• Wednesday 17 June 1998 Mohawks assert hold on territory Warn of roadblocks, tolls by CAMPBELL CLARK The Kahnawake band council warned the federal and Quebec governments yesterday it will immediately assert its sovereignty over the South Shore reserve, taking control of highways, railways and waterways, and declaring the community a duty-free zone. (saved)

  • Thursday 21 May 1998 Indians didn't buy PQ ploy PAUL WELLS

  • Friday 8 May 1998 The high road The 300-year-old community's plan, announced by Grand Chief Joe Norton, is to build on an inherent strength - its rich history. On June 1, a dinner theatre will open, where up to 220 visitors at a time will be served authentic Mohawk cuisine while performers present traditional dances and songs.

  • November 23, 1997 Unfortunate mindset by Ed Bantey
    ...Strangely, however, most advertisement are also in English only. Safran says ads, which make up about two-thirds of the directory, aren't in French or bilingual because advertisers including blue-ribbon firms like Air Canada, Hydro-Québec, the Banque Nationale, the Queen Elizabeth Hotel and Investors Group choose to have their ads in English.
    (Quebec and federal politicians, all Liberal, addressed paid greetings in both French and English and, in most cases, Hebrew as well. Safran says Premier Lucien Bouchard and members of his government cited budgetary reasons for refusing to advertise. So did Mount Royal MP Sheila Finestone, she claims, while John Ciaccia, Finestone's Quebec counterpart, found the money.)

  • October 18 Caught in the crossfire by Hubert Bauch ...Bouchard's advantage is that "even the people who don't like him still somehow like him," said Liberal caucus dean John Ciaccia. ..."There's nobody in the caucus who is prepared to contest his leadership," said Ciaccia. "So there's not much point in criticizing the leader publicly, or even privately." ..."Even if Charest wanted the job, one thing he'd never do is openly fight Johnson," said Ciaccia. ..."I can't see strong federalists voting any way that would help the PQ get back in power," said Ciaccia. ...The problem lies with the Liberal weakness among francophone voters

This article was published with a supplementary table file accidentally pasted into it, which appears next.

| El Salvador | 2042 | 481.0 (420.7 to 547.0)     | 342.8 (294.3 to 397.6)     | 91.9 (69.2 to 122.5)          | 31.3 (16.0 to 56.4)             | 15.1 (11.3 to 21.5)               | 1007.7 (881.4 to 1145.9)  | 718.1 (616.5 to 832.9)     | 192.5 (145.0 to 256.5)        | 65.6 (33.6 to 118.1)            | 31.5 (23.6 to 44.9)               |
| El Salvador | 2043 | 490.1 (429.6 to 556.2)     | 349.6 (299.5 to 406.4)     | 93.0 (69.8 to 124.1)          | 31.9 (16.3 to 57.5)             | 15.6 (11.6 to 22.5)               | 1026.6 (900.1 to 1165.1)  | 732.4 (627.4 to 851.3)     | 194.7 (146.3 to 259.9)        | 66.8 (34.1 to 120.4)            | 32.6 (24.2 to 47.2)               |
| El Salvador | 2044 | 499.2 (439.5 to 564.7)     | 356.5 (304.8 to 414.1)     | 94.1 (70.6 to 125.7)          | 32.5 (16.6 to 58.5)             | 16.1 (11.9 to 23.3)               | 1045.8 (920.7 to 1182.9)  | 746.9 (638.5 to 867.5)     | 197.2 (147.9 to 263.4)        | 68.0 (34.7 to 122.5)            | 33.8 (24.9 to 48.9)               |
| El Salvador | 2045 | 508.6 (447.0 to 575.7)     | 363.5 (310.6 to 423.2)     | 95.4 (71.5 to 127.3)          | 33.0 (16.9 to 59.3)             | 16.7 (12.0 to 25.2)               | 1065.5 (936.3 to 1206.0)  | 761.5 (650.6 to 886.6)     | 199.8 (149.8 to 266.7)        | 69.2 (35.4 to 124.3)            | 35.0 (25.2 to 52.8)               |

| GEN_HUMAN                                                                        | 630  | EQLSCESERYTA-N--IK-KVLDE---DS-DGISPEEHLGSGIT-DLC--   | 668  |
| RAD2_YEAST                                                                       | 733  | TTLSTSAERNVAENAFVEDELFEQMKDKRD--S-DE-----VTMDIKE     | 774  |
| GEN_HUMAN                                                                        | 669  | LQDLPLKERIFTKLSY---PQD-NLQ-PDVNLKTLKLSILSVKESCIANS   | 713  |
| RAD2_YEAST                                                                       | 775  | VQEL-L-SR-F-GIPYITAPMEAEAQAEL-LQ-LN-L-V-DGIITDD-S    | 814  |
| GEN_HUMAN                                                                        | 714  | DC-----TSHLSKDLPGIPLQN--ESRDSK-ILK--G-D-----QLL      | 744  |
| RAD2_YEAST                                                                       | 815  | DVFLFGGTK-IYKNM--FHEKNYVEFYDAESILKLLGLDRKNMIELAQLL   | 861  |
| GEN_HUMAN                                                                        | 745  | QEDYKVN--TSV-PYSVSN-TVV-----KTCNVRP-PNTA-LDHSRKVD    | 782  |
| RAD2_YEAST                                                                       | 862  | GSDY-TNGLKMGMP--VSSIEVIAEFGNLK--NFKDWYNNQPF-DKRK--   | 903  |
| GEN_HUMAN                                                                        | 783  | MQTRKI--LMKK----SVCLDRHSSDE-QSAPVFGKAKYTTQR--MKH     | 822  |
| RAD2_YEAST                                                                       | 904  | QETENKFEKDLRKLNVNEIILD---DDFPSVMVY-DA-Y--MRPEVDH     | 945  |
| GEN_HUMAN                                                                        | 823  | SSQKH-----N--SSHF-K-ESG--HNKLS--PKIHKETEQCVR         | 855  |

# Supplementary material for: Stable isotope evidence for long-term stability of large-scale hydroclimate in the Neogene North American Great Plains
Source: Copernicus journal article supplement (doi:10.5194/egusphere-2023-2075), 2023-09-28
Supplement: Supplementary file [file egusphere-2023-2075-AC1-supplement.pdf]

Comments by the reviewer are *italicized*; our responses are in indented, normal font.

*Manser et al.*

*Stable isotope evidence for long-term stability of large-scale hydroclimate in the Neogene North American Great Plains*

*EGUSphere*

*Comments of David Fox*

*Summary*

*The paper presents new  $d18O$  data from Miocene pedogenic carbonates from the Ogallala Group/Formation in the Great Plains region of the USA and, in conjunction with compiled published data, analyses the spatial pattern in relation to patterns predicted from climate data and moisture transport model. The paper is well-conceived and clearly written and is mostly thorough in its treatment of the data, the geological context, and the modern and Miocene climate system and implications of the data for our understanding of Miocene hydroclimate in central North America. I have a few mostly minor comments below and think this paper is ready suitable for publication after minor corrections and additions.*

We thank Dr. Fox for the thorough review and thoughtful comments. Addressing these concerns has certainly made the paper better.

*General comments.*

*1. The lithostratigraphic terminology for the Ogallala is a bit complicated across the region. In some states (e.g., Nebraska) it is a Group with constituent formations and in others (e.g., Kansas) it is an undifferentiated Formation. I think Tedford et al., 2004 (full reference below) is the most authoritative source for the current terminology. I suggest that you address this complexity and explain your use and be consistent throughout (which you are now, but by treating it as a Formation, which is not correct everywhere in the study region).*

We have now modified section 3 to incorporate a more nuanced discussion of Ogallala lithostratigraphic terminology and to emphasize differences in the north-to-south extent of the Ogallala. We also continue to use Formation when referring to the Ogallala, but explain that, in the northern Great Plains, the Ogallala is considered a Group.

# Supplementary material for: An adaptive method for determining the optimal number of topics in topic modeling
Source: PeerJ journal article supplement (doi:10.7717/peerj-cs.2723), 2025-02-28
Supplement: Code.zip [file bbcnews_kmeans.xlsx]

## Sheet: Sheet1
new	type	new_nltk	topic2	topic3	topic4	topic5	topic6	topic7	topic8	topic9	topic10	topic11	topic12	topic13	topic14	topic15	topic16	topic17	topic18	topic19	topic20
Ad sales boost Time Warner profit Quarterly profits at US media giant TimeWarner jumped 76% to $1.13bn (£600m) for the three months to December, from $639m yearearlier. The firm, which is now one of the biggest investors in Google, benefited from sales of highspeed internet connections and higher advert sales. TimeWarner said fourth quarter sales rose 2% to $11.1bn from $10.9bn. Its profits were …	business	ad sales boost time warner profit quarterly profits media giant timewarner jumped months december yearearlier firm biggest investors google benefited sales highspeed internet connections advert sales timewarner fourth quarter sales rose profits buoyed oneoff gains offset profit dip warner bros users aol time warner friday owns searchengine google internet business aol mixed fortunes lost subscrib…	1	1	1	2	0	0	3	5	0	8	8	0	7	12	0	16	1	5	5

• October 10 The tools, has anyone seen the tools? by Tommy Schnurmacher ...Our channel surfing suddenly brings us face to face with Liberal MNA John Ciaccia. A battle-scarred veteran of the language debate, Ciaccia is being interviewed by Toronto Sun columnist Mike Harris on Sunday Edition. Ciaccia has spent ... honing his craft as a sensitive and eloquent apologist for Quebec nationalism.
    .. what are the tools that Quebec needs? Highly skilled at obfuscation, Ciaccia provides a detailed answer that has absolutely nothing to do with the question. When Harris continues to probe, Ciaccia provides the undoubtedly enthralled TV audience with a dazzling display of debating dexterity.
    He angrily tells Harris that it he does not accept distinct-society status for Quebec, he must have psychological problems.

Comme l'exprime monsieur John Ciaccia<, représentant spécial du gouvernement québécois, et principal négociateur de la Convention dans la philosophie de la Convention, deux grands principes Philosophy of the Agreement

SOVEREIGN INJUSTICE Relevance of the James Bay and Northern Quebec Agreement

click to view of Ciaccia Book
Oka Crisis
Pan Photos of house the Oka book & The Book

© 1996 David T. Nicholsonby Harry Mayerovitchor Please phone (514) 934-0023

33 Rosemount Ave
Que H3Y 3G6